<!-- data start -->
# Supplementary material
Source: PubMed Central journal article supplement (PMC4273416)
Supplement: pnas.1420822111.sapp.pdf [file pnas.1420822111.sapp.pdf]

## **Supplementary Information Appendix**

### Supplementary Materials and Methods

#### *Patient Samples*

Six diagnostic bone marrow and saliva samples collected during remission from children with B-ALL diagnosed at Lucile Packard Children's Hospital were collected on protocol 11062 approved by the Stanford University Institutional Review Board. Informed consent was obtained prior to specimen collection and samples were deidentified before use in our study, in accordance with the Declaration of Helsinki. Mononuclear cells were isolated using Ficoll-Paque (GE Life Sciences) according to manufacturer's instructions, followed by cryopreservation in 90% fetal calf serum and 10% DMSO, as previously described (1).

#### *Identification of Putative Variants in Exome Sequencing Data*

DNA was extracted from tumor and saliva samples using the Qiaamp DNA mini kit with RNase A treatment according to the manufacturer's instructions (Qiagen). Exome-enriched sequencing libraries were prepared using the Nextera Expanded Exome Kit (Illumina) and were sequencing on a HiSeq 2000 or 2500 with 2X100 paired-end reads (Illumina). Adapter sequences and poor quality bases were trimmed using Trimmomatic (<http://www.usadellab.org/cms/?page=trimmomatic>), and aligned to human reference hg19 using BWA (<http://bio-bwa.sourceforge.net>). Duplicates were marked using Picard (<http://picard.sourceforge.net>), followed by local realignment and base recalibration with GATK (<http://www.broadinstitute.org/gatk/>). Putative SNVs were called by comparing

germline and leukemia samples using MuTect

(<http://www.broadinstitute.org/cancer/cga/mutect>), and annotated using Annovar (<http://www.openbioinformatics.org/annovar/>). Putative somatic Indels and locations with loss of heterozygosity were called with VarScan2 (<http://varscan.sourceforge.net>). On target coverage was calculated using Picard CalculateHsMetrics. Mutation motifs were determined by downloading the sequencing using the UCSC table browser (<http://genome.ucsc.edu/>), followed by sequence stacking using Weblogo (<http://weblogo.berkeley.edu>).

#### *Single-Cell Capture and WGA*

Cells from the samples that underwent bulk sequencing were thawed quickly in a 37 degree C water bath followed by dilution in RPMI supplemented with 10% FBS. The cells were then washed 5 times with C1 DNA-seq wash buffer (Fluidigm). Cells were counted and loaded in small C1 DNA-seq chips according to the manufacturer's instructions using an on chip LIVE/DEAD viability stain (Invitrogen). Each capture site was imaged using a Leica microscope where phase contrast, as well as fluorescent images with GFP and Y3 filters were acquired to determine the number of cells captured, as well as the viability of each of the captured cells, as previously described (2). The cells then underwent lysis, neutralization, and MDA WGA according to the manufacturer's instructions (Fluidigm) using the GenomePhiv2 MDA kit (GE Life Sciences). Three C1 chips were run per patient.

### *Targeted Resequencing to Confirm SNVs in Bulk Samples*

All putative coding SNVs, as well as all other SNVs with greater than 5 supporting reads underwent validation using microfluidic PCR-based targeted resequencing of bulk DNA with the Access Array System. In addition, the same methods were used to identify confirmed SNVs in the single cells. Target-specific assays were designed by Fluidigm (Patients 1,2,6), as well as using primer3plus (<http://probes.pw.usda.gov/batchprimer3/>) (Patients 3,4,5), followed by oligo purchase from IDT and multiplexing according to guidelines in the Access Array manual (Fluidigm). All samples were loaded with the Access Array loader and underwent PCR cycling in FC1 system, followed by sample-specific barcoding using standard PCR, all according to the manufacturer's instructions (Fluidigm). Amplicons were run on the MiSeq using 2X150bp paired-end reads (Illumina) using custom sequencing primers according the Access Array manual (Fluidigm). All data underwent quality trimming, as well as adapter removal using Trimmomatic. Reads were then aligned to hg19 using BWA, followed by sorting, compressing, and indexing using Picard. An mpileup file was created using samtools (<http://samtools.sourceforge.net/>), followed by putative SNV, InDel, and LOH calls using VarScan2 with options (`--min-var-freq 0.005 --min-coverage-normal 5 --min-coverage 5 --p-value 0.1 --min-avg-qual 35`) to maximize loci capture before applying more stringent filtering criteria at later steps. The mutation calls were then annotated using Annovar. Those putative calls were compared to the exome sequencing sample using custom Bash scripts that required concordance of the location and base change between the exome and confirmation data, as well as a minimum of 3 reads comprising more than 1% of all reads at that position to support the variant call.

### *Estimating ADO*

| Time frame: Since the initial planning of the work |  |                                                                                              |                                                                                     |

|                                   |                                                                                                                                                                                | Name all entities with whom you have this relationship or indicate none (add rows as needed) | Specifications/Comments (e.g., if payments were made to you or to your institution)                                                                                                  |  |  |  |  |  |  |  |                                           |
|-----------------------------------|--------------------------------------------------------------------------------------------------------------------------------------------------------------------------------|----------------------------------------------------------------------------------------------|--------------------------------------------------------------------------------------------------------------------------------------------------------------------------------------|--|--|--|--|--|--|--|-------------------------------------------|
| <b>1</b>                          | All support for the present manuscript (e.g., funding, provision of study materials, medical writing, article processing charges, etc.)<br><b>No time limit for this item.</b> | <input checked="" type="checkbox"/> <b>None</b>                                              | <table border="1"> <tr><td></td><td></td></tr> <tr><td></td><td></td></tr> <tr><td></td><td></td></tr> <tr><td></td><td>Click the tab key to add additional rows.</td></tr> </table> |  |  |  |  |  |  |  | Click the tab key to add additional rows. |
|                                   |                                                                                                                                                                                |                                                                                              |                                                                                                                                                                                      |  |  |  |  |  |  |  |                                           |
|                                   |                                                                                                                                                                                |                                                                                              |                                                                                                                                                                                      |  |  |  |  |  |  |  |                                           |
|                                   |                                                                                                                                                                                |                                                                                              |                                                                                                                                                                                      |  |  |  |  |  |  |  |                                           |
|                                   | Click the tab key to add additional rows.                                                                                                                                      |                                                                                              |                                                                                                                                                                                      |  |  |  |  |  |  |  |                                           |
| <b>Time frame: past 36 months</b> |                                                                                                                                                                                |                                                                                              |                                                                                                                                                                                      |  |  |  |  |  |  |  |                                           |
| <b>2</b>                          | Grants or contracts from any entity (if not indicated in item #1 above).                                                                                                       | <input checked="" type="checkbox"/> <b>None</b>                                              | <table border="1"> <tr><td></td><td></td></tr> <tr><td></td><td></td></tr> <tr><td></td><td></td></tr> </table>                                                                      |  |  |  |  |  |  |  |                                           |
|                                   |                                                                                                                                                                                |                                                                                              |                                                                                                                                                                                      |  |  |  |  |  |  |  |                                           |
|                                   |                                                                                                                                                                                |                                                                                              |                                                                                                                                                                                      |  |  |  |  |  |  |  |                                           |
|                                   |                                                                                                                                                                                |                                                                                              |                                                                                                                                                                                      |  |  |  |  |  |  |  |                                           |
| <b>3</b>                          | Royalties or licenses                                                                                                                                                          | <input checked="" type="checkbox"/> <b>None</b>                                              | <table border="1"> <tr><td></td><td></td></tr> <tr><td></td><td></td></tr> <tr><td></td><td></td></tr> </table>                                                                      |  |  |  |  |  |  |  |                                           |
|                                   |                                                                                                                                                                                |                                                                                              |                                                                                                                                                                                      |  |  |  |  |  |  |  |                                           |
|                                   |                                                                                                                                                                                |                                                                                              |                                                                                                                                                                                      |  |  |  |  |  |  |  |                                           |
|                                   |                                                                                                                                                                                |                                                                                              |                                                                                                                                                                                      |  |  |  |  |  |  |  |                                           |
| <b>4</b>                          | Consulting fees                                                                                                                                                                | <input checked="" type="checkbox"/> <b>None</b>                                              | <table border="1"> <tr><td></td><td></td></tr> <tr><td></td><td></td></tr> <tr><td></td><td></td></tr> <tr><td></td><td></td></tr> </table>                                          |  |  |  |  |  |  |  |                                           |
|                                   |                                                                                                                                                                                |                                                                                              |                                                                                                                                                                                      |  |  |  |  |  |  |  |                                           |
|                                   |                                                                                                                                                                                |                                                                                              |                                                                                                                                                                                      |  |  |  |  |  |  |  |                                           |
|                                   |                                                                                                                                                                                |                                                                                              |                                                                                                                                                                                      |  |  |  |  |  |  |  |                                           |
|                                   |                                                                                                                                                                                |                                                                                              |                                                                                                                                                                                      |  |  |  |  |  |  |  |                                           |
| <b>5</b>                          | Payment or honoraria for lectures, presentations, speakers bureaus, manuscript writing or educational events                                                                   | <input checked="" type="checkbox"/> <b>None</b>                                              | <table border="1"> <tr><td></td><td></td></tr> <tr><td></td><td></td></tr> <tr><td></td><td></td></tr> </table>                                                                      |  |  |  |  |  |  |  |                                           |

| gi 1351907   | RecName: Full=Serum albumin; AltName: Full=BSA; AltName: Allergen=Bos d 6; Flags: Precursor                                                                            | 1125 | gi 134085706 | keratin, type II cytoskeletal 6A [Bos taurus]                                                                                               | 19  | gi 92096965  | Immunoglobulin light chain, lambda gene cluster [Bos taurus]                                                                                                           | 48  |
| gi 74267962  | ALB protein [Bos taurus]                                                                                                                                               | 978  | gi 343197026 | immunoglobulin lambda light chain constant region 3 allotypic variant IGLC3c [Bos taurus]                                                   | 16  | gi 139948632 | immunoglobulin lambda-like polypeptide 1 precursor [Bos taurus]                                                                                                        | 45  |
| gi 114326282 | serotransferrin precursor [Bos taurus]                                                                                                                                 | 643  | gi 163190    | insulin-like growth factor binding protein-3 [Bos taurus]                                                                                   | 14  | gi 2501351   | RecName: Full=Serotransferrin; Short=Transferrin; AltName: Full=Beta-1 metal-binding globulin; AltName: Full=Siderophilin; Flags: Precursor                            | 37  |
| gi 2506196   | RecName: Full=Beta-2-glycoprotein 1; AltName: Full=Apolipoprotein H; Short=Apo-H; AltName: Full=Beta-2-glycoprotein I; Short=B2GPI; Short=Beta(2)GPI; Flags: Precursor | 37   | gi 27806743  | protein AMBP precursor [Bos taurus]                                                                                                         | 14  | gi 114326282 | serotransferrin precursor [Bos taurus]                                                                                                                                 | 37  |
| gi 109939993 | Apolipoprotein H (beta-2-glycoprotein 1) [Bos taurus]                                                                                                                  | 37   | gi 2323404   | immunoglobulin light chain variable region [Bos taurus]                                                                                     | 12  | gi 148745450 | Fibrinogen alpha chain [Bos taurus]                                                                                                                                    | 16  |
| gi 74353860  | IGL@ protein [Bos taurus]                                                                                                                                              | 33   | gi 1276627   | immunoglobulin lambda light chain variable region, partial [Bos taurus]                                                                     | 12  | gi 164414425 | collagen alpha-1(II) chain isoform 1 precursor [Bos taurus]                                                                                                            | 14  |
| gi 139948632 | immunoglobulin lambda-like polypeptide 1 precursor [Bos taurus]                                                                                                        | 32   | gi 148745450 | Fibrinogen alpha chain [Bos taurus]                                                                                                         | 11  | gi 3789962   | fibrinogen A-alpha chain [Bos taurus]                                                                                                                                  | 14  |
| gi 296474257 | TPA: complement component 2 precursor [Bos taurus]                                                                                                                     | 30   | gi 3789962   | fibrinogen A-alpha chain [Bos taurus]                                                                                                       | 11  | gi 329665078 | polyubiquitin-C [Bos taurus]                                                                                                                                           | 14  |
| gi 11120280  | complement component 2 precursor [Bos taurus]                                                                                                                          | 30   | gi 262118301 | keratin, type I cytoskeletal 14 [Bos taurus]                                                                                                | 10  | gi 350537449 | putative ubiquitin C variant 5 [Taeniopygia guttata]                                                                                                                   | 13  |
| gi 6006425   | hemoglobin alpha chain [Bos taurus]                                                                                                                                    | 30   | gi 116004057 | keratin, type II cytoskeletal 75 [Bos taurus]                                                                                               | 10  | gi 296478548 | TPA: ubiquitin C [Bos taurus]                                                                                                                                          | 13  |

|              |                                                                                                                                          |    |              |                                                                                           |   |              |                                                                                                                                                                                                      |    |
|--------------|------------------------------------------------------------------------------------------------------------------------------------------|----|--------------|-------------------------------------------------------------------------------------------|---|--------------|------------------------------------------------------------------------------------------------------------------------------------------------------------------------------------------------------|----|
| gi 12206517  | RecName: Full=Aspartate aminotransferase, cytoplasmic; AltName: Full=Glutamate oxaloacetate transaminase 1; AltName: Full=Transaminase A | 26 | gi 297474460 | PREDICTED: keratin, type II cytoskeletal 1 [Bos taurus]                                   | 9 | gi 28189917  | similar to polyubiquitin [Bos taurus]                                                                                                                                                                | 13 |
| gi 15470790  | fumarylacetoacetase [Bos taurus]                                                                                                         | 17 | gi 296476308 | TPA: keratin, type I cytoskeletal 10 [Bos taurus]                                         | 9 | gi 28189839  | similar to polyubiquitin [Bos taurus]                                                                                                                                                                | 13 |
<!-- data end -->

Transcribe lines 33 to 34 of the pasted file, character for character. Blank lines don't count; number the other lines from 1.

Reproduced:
|                                   |                                                                                                                                                                                |                                                                                              |                                                                                                                                                                                      |  |  |  |  |  |  |  |                                           |
| <b>4</b>                          | Consulting fees                                                                                                                                                                | <input checked="" type="checkbox"/> <b>None</b>                                              | <table border="1"> <tr><td></td><td></td></tr> <tr><td></td><td></td></tr> <tr><td></td><td></td></tr> <tr><td></td><td></td></tr> </table>                                          |  |  |  |  |  |  |  |                                           |